Saturday’s protest appears to have been organised by several online communities who are calling for an end to Victoria’s lockdown.

A 76-year-old man from Windsor was arrested on Friday and charged with incitement for allegedly helping to organise the protest.

An event page for the protest attracted the interest of thousands before it was blocked by Facebook. Those trying to access it in Australia receive the message: “You’re unable to view this content because local laws restrict our ability to show it.”

A Facebook spokeswoman said content which is flagged as inappropriate is reviewed by the social media giant and can be restricted.

“We review content reported to us against our policies on harmful misinformation linked to COVID-19, and take action on it where appropriate,” she said.

“We also restrict access to content that violates local government guidance about social distancing when we are made aware of it by the relevant authorities.”

Before the page was removed, organisers wrote that they wanted half a million people to attend the protest to “end the lockdown and celebrate freedom”.

They described the event as a protest against the leadership of Premier Daniel Andrews and the damage being caused by the lockdown in order to “hold the government accountable”.

Details of the event, billed as “Freedom Day”, continue to be shared on social media.

Mr Andrews on Monday expressed his disappointment with the protests, including suburban events which have taken place over the past week in Broadmeadows, Roxburgh Park and Dandenong.

Mr Andrews said protesting at the moment was not appropriate.

“You know what disappoints me more than anything? The behaviour of some of those people takes away from the amazing work, absolutely amazing work the vast majority of Victorians are doing,” he said.

He said there will always be some who do the wrong thing but urged Victorians not to take part in protests.

“No matter what your postcode or purpose, protest is not safe, it’s not smart, it’s just not right because it potentially puts at risk everything that people have worked so hard to achieve.”

Police Association secretary Wayne Gatt on Monday said it was a “shame” that resources were being diverted from other police work to cover the protests.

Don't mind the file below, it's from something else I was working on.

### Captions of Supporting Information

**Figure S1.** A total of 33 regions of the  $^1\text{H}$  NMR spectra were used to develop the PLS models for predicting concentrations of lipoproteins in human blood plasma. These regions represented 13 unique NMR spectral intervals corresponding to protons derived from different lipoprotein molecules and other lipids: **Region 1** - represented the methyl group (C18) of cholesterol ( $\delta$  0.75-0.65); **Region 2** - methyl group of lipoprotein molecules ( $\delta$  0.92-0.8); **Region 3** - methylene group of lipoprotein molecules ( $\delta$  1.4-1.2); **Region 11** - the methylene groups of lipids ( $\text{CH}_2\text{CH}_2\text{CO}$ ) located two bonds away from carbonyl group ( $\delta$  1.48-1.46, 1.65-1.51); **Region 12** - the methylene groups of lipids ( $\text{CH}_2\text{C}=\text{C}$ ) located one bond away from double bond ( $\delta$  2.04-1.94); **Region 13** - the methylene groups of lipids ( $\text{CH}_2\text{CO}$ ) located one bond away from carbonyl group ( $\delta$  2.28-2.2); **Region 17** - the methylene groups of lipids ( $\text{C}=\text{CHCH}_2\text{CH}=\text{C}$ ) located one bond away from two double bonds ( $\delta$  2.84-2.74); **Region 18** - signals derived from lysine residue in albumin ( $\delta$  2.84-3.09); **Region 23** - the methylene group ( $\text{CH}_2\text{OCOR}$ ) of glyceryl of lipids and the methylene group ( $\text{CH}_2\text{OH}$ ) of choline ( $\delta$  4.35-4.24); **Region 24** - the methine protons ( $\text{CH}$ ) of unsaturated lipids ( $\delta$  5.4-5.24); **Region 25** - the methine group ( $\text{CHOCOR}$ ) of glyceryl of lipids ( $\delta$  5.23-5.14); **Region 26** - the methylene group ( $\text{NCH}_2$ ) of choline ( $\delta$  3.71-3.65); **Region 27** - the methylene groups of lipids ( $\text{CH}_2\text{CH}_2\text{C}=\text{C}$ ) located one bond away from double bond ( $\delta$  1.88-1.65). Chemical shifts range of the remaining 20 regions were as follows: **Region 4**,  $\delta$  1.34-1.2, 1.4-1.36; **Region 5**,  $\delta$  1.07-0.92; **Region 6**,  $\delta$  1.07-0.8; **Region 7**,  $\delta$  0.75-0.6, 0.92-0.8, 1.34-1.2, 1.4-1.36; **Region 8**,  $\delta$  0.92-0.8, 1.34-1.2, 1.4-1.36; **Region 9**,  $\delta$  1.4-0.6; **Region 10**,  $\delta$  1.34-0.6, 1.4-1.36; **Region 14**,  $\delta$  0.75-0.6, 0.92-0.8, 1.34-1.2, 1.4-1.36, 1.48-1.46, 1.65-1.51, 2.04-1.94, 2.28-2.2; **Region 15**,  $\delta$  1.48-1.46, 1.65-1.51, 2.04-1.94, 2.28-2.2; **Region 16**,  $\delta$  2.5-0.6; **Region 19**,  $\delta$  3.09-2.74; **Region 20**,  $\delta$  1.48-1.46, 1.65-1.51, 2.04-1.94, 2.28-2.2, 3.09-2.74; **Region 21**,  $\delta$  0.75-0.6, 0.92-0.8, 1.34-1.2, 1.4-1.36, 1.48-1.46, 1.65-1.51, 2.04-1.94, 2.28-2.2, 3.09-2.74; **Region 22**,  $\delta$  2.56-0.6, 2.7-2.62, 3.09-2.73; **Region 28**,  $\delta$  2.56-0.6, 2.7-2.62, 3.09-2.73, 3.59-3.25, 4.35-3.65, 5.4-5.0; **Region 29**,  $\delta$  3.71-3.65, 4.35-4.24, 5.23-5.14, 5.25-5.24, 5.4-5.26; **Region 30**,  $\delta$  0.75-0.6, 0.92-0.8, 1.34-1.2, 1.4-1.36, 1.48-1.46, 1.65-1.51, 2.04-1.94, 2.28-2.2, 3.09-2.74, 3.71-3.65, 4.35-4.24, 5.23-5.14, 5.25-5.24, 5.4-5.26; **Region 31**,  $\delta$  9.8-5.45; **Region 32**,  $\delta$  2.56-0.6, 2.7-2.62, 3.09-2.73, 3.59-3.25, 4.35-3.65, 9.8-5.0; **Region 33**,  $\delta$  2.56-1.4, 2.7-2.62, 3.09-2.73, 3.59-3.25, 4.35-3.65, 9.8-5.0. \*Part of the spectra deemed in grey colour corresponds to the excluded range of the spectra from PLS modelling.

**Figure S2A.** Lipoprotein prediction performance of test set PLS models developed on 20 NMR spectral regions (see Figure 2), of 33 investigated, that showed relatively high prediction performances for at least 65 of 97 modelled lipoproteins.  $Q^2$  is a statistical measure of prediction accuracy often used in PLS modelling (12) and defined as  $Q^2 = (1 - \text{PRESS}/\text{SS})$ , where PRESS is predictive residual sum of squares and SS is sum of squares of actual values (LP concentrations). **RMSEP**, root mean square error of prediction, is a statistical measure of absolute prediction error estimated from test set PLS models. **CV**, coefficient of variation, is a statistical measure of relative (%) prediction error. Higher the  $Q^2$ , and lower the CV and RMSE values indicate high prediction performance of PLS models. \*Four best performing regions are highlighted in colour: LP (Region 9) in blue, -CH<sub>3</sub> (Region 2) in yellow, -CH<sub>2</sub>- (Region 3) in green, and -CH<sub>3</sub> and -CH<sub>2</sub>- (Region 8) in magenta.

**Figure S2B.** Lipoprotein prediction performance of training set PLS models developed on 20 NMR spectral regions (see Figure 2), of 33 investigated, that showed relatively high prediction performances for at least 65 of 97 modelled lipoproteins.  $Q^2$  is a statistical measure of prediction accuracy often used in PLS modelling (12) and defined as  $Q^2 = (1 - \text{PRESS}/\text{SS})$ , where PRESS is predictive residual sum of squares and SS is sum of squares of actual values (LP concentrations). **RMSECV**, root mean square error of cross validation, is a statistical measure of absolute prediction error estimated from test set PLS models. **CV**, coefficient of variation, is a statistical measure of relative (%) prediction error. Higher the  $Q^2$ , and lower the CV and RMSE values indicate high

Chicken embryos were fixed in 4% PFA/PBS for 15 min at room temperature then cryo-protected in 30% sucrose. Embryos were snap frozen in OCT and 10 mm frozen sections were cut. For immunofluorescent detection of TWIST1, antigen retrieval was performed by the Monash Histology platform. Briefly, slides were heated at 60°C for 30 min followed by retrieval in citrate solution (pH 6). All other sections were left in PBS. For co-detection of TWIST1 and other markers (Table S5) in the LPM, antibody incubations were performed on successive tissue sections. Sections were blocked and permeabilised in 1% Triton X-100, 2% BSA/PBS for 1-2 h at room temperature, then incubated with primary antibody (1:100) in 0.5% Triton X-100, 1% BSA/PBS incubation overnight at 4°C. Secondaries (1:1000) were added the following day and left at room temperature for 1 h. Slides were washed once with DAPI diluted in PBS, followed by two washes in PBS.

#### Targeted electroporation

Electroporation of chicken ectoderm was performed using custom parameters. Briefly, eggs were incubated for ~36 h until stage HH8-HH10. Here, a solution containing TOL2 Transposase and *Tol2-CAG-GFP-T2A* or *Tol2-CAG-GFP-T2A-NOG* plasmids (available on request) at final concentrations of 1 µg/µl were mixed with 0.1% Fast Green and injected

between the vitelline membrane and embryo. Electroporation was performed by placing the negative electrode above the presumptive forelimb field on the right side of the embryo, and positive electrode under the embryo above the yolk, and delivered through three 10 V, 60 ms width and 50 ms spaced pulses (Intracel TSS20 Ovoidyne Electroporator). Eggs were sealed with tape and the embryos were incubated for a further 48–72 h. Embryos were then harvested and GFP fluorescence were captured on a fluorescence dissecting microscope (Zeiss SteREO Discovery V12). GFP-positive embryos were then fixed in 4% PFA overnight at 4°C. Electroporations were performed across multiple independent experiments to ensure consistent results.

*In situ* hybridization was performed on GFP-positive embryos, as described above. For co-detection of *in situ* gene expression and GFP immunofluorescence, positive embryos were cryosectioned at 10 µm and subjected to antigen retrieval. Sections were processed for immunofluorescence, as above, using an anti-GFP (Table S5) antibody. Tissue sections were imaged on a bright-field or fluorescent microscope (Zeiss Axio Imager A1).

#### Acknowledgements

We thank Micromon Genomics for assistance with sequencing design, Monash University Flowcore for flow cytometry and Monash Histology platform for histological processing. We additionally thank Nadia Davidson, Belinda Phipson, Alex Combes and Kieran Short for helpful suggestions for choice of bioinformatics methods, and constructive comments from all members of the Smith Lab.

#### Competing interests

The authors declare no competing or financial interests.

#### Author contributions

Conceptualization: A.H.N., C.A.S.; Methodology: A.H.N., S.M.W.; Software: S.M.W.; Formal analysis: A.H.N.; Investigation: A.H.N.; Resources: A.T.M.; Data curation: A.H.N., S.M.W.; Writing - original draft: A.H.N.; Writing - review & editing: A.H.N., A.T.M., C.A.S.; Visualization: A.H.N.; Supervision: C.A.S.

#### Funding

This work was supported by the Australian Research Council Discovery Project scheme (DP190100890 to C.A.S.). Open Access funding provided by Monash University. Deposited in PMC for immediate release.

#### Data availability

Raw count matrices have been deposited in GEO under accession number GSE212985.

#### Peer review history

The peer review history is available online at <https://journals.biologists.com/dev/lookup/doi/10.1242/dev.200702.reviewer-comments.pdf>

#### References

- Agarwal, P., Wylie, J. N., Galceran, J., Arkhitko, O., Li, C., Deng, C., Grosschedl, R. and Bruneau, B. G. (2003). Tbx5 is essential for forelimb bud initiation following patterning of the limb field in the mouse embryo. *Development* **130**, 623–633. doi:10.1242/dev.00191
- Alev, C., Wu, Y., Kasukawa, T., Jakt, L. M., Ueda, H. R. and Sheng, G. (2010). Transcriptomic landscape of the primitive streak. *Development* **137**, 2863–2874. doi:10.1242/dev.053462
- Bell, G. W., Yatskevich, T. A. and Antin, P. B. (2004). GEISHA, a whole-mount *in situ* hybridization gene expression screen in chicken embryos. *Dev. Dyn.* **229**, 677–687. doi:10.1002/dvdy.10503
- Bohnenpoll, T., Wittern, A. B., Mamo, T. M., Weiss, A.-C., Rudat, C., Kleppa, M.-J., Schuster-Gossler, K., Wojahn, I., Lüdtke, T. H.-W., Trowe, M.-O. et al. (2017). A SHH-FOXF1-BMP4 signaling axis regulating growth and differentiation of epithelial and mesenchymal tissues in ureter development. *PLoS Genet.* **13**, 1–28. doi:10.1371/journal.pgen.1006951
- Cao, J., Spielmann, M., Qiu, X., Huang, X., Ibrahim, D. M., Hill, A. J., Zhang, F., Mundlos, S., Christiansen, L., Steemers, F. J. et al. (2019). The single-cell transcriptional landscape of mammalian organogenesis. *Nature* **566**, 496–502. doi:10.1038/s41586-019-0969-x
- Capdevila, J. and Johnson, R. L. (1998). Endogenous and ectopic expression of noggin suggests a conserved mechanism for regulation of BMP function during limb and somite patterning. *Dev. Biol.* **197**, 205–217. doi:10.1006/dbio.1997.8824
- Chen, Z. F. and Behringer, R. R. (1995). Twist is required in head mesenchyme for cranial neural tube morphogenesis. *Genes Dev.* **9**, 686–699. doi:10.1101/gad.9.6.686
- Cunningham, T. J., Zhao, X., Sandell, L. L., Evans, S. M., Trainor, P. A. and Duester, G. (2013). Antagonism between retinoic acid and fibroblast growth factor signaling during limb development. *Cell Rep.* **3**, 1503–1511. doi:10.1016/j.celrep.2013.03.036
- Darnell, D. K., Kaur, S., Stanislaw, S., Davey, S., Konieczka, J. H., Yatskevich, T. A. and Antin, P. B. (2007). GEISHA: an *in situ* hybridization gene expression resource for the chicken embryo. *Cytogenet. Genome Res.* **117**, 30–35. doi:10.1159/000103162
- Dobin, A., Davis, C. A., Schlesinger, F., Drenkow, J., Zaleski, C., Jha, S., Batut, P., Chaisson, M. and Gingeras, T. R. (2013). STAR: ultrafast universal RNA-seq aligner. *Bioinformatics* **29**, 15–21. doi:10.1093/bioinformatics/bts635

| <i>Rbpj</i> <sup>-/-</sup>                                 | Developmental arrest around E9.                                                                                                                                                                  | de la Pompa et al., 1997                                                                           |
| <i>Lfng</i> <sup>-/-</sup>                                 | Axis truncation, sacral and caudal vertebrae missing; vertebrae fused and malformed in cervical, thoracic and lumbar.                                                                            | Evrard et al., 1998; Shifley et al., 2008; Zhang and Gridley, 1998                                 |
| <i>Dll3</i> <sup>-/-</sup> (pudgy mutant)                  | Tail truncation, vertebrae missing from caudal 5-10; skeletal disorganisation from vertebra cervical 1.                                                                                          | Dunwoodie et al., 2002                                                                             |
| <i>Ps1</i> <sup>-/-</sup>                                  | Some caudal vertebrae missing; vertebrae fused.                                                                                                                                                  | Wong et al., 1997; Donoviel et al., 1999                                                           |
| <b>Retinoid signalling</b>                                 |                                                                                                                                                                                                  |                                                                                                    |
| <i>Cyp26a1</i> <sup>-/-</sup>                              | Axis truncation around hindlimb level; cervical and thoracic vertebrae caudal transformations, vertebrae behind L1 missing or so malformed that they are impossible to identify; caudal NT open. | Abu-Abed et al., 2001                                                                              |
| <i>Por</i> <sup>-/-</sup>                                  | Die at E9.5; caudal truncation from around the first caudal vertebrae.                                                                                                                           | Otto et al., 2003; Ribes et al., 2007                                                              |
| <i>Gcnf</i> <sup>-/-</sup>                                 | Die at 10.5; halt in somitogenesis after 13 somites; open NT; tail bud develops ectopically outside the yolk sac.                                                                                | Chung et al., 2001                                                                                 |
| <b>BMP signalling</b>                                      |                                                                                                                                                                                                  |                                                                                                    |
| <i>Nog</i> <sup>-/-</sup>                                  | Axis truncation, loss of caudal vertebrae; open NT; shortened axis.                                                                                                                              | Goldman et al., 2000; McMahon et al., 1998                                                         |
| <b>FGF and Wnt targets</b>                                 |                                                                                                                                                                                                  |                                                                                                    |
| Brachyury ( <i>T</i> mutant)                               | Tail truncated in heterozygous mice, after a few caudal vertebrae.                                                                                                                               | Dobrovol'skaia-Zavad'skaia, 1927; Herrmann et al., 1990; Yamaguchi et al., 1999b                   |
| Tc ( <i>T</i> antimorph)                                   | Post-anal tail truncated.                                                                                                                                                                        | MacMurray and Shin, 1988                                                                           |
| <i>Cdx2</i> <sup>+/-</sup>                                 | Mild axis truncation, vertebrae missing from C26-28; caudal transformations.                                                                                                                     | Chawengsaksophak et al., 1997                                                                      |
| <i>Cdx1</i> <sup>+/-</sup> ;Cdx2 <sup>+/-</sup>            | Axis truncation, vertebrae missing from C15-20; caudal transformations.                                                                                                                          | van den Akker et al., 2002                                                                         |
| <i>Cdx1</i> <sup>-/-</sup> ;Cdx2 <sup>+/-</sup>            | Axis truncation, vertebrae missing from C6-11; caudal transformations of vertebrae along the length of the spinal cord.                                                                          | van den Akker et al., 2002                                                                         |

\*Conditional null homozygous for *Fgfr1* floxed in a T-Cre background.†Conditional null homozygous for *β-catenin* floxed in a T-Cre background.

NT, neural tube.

“Domestic violence in the community, reducing the crime rate and the road toll – all of these things haven’t gone away. Our members have been balancing a lot of different things at the moment and have a lot of plates spinning at the same time,” he said.

Some of the violent conduct seen towards police at the suburban protests was “disgraceful”, he said.

Victorian Police Association secretary Wayne Gatt.

Victorian Police Association secretary Wayne Gatt.Credit:Paul Rovere

“It’s selfish behaviour,” he said.

“Every time our members are exposed to people like this there is a high risk they will be exposed to coronavirus themselves. That’s the single greatest risk our members confront at this point in time.

“I’ve got officers who have spent weeks in quarantine, who have missed the birth of their children, who have not been able to hug their kids for weeks because they have been in hotels because they don’t want to transmit the virus to their families. This is because they’ve had short-term contact with people who haven’t worn masks, who haven’t done the right thing, who are simply coming out and flaunting the rules.”

Three men were arrested on Sunday, after clashes between police and anti-lockdown protesters in Broadmeadows, in Melbourne’s northern suburbs, and five fines were issued during a prohibited gathering near the George Andrews Reserve in Dandenong.

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Investors say Rio board’s response to cave blast disaster falls well short